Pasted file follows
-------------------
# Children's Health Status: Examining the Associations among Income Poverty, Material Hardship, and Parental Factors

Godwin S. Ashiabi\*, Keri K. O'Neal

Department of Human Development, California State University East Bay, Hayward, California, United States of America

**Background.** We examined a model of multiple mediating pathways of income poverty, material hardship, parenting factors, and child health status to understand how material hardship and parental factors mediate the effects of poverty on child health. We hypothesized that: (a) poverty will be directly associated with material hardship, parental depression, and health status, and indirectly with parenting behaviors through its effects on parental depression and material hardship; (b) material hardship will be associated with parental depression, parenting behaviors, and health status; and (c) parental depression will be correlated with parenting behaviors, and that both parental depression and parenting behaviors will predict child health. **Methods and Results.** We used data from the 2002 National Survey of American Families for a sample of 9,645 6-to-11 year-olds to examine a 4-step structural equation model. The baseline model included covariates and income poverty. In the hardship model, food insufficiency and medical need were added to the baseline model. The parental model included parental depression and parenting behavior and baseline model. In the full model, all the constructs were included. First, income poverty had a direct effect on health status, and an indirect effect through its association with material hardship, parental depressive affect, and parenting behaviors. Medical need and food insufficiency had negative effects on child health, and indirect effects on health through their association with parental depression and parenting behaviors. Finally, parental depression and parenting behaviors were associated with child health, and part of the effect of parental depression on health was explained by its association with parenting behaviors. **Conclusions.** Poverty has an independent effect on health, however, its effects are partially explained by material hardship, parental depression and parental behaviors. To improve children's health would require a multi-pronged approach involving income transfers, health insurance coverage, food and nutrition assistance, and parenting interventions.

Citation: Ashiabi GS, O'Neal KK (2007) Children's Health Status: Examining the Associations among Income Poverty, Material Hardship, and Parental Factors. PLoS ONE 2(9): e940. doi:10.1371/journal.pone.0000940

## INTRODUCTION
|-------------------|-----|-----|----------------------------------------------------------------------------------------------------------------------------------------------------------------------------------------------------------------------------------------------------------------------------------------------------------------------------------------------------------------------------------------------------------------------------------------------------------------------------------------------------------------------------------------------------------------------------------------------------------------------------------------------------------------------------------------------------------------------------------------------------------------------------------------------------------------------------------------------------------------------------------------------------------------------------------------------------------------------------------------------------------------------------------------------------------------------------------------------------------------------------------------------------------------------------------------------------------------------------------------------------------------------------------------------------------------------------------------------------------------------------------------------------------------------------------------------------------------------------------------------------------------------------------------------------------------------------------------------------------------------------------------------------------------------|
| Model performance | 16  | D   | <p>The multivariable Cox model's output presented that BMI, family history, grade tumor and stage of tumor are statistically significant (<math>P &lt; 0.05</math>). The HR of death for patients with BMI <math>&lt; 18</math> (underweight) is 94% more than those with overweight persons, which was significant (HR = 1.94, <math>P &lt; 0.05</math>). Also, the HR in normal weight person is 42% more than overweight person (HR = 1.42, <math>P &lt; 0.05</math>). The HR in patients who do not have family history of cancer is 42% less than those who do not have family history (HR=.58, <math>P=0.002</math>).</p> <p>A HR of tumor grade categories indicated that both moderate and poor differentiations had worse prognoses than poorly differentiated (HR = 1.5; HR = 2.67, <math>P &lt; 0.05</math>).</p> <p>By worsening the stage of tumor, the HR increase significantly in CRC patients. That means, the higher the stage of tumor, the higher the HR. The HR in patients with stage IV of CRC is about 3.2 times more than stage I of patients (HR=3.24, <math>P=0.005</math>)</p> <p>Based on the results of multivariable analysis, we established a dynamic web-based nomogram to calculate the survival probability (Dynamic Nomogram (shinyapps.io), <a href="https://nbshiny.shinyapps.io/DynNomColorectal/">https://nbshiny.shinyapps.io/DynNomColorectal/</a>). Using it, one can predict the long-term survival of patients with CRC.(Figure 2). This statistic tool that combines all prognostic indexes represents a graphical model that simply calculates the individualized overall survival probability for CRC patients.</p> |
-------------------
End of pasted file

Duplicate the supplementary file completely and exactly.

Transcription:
# Children's Health Status: Examining the Associations among Income Poverty, Material Hardship, and Parental Factors

Godwin S. Ashiabi\*, Keri K. O'Neal

Department of Human Development, California State University East Bay, Hayward, California, United States of America

**Background.** We examined a model of multiple mediating pathways of income poverty, material hardship, parenting factors, and child health status to understand how material hardship and parental factors mediate the effects of poverty on child health. We hypothesized that: (a) poverty will be directly associated with material hardship, parental depression, and health status, and indirectly with parenting behaviors through its effects on parental depression and material hardship; (b) material hardship will be associated with parental depression, parenting behaviors, and health status; and (c) parental depression will be correlated with parenting behaviors, and that both parental depression and parenting behaviors will predict child health. **Methods and Results.** We used data from the 2002 National Survey of American Families for a sample of 9,645 6-to-11 year-olds to examine a 4-step structural equation model. The baseline model included covariates and income poverty. In the hardship model, food insufficiency and medical need were added to the baseline model. The parental model included parental depression and parenting behavior and baseline model. In the full model, all the constructs were included. First, income poverty had a direct effect on health status, and an indirect effect through its association with material hardship, parental depressive affect, and parenting behaviors. Medical need and food insufficiency had negative effects on child health, and indirect effects on health through their association with parental depression and parenting behaviors. Finally, parental depression and parenting behaviors were associated with child health, and part of the effect of parental depression on health was explained by its association with parenting behaviors. **Conclusions.** Poverty has an independent effect on health, however, its effects are partially explained by material hardship, parental depression and parental behaviors. To improve children's health would require a multi-pronged approach involving income transfers, health insurance coverage, food and nutrition assistance, and parenting interventions.

Citation: Ashiabi GS, O'Neal KK (2007) Children's Health Status: Examining the Associations among Income Poverty, Material Hardship, and Parental Factors. PLoS ONE 2(9): e940. doi:10.1371/journal.pone.0000940

## INTRODUCTION
|-------------------|-----|-----|----------------------------------------------------------------------------------------------------------------------------------------------------------------------------------------------------------------------------------------------------------------------------------------------------------------------------------------------------------------------------------------------------------------------------------------------------------------------------------------------------------------------------------------------------------------------------------------------------------------------------------------------------------------------------------------------------------------------------------------------------------------------------------------------------------------------------------------------------------------------------------------------------------------------------------------------------------------------------------------------------------------------------------------------------------------------------------------------------------------------------------------------------------------------------------------------------------------------------------------------------------------------------------------------------------------------------------------------------------------------------------------------------------------------------------------------------------------------------------------------------------------------------------------------------------------------------------------------------------------------------------------------------------------------|
| Model performance | 16  | D   | <p>The multivariable Cox model's output presented that BMI, family history, grade tumor and stage of tumor are statistically significant (<math>P &lt; 0.05</math>). The HR of death for patients with BMI <math>&lt; 18</math> (underweight) is 94% more than those with overweight persons, which was significant (HR = 1.94, <math>P &lt; 0.05</math>). Also, the HR in normal weight person is 42% more than overweight person (HR = 1.42, <math>P &lt; 0.05</math>). The HR in patients who do not have family history of cancer is 42% less than those who do not have family history (HR=.58, <math>P=0.002</math>).</p> <p>A HR of tumor grade categories indicated that both moderate and poor differentiations had worse prognoses than poorly differentiated (HR = 1.5; HR = 2.67, <math>P &lt; 0.05</math>).</p> <p>By worsening the stage of tumor, the HR increase significantly in CRC patients. That means, the higher the stage of tumor, the higher the HR. The HR in patients with stage IV of CRC is about 3.2 times more than stage I of patients (HR=3.24, <math>P=0.005</math>)</p> <p>Based on the results of multivariable analysis, we established a dynamic web-based nomogram to calculate the survival probability (Dynamic Nomogram (shinyapps.io), <a href="https://nbshiny.shinyapps.io/DynNomColorectal/">https://nbshiny.shinyapps.io/DynNomColorectal/</a>). Using it, one can predict the long-term survival of patients with CRC.(Figure 2). This statistic tool that combines all prognostic indexes represents a graphical model that simply calculates the individualized overall survival probability for CRC patients.</p> |